The Jolly Roger Flies High...As Piracy Feeds The Hungry

At 2 a.m. on Mar. 17, a bright moon hung over the Strait of Malacca. A twin-motor speedboat sped along the narrow body of water between Malaysia and Indonesia in pursuit of its target, the 5,590-ton Marine Master, registered in Panama and hauling soda ash. About 20 men clad in army fatigues, automatic rifles slung over their shoulders, scrambled up a rope ladder onto the stern and caught the 21-member crew by surprise. On Mar. 21, the pirates put the crew in nine inflatable life rafts and set them adrift; six days later they were picked up by a Thai vessel. As for the Marine Master, "by now she would have had a makeover--new name, flag, paint, and crew. The soda ash would have been sold and the ship chartered out," says Noel Chong, Kuala Lumpur manager of the London-based International Maritime Bureau (IMB), part of the International Chamber of Commerce.

At least no one died. Piracy has long been a scourge in Asia, but the economic crisis has turned it even more vicious and costly for shippers. "In the last quarter of 1998, we saw ships hijacked and whole crews murdered in cold blood," says Pottengal Mukundan, an IMB director. Of the 192 reported pirate attacks worldwide last year, 95 took place in the waters of the Far East and Southeast Asia, down from 110 the year before. But last year, 162 crew members were assaulted, maimed, or killed worldwide, up from 105 in 1997--and all but one of the 67 reported murders occurred around the South China Sea and the Strait of Malacca. Ship hijackings shot up 50% last year, to 15 ships from around 10 in '97.

Besides its cost in life and millions of dollars in cargo, piracy poses a grave threat to the environment. Experts fear a disaster like the Exxon Valdez oil spill in Alaska. "A similar incident in the Strait of Malacca could prove catastrophic," says Jayant Abhayankar, deputy director of the International Maritime Organization in London. Pirates have concentrated their attacks on a crowded 30-kilometer stretch of the Philip Channel, the southern half of the Strait of Malacca, through which pass eastbound supertankers. During one incident in the Philip Channel, the bridge of a large tanker was left unmanned for 70 minutes. Fortunately, no accident occurred.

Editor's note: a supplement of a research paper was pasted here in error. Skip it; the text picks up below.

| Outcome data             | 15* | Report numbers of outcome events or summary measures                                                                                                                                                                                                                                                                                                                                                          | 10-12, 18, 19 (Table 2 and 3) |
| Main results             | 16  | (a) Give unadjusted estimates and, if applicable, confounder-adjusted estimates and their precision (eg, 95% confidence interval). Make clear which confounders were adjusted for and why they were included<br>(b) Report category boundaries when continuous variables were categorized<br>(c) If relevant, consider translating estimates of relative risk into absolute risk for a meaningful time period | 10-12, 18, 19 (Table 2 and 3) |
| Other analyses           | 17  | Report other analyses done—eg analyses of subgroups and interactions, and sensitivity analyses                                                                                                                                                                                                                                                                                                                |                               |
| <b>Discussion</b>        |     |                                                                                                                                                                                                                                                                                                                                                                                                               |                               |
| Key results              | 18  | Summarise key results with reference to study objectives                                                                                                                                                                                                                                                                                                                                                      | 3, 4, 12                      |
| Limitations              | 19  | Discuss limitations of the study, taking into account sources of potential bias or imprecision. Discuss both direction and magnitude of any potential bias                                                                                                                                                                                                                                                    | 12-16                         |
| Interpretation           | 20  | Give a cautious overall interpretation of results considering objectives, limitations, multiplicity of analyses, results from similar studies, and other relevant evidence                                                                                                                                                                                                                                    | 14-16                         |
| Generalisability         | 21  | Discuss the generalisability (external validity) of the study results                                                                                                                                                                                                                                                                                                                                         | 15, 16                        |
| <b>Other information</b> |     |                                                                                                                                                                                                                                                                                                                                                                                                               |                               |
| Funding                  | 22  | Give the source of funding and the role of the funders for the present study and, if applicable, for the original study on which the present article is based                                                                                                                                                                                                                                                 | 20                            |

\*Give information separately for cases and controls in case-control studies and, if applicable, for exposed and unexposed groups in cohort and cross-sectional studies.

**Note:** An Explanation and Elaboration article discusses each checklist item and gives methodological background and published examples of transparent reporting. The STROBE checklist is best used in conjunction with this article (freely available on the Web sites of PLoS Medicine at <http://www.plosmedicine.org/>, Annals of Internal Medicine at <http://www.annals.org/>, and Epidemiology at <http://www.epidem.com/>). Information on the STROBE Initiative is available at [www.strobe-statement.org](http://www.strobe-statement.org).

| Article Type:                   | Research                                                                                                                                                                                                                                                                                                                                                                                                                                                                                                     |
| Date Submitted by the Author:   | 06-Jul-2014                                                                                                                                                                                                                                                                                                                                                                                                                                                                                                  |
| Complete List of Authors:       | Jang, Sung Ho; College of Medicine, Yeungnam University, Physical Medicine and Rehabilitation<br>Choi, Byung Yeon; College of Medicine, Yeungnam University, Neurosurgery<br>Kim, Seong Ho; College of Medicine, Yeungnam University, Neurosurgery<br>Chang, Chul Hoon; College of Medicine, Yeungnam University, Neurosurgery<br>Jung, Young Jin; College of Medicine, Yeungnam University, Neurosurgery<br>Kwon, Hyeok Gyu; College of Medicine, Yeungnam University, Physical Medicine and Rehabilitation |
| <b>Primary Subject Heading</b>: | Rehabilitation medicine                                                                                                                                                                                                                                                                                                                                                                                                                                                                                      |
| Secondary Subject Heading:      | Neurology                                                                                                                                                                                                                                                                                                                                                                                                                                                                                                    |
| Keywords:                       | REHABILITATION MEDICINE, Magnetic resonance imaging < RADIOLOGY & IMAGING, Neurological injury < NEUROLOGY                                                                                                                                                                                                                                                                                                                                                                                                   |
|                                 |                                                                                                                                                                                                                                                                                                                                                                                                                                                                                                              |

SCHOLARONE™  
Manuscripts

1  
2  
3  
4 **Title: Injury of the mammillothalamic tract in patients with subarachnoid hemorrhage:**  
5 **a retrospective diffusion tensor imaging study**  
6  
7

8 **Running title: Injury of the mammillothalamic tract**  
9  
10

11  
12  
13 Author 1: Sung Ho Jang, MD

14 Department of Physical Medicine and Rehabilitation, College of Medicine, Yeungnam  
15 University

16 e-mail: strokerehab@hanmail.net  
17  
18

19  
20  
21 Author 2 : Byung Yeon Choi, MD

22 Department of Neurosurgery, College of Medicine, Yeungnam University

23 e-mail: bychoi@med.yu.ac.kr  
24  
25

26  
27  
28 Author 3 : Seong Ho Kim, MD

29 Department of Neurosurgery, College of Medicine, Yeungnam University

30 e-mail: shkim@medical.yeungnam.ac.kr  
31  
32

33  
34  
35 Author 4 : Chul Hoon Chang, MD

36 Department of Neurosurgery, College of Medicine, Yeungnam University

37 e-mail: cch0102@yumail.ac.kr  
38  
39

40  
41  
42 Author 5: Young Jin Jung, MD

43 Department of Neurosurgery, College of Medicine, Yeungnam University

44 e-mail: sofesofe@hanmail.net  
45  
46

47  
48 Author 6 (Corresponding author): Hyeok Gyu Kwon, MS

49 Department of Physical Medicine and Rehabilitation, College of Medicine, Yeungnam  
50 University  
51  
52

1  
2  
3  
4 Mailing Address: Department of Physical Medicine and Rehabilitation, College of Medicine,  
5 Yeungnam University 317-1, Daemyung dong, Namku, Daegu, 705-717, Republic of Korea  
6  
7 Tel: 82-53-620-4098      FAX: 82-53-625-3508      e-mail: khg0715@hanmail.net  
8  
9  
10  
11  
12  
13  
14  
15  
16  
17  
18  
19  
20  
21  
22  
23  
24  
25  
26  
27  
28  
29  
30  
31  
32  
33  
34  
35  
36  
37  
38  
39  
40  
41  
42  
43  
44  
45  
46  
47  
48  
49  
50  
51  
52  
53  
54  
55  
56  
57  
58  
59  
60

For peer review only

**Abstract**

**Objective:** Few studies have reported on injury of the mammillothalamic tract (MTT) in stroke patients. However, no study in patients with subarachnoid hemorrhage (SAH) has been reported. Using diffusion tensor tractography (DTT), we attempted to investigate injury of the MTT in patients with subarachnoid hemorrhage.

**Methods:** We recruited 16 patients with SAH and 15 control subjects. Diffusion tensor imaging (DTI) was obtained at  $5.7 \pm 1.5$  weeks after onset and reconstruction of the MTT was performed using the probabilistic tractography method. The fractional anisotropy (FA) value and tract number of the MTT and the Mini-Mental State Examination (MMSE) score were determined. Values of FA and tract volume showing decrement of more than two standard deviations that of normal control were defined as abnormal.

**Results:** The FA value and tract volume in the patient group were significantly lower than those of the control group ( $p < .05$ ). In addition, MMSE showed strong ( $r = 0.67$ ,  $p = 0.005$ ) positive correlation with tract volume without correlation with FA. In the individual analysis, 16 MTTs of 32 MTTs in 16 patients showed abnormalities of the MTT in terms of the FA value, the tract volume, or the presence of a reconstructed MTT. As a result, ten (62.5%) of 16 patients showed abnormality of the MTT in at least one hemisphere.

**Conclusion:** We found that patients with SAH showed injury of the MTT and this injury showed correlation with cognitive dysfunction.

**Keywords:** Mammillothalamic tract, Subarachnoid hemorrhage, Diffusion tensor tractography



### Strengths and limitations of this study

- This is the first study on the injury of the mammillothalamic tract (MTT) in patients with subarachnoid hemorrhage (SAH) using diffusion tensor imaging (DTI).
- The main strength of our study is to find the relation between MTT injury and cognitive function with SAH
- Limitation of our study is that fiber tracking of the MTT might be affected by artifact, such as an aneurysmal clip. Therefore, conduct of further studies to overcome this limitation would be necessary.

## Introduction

NO DEFENSE. And many incidents are not reported at all because of concerns that an inquiry would disrupt schedules. "We make money when a ship is sailing, not when it's grounded," says an official from Bangkok-based Great Eastern Shipping.

Unfortunately, there's not much shippers can do to ward off attacks. Many nations won't allow firearms on commercial ships flying their flags, and others won't accept armed vessels at their ports. "All we have are water cannons on deck to douse the pirates and instructions to stay clear of small islands around Indonesia," says Lars D. Nielsen, chartering manager at Norden Tankers & Bulkers in Singapore.

Some shippers don't even take the pirate menace that seriously. "We're worried about piracy, but we're not hiking premiums," says Graham Gordon, a broker with Jardine Insurance in Singapore. "We're just being watchful of certain trade routes." No more watchful, certainly, than crewmen on moonlit nights in the Philip Channel.

The Jolly Roger Flies High...As Piracy Feeds the Hungry (int'l edition)

Asia's recession, while creating chances for investors to feast on cheap assets, has also given a boost to the buccaneers. Rising poverty and unemployment in Indonesia make it easier for pirate syndicates to recruit there, say IMB officials and shippers. And inhabitants of remote islands are ganging up to attack ships for food and cigarettes. "Some of these ships can feed a whole Indonesian village. And these guys have nothing to lose," says Nielsen of Norden Tankers. Cash-starved nations like Indonesia have also cut spending on the navy and coast guard.

Provisions aside, the recession has pirates hunting a different kind of booty. The IMB's Mukundan says there are indications that pirates are shifting their targets from general cargo vessels to tankers carrying marine fuel oil. "In these waters, with all the small vessels and fishing boats, there's always a ready market for fuel at bargain prices," he says. And much of the pirated oil has been sold openly in China, say oil traders. As long as such opportunity beckons, the disciples of Blackbeard will ply their trade.

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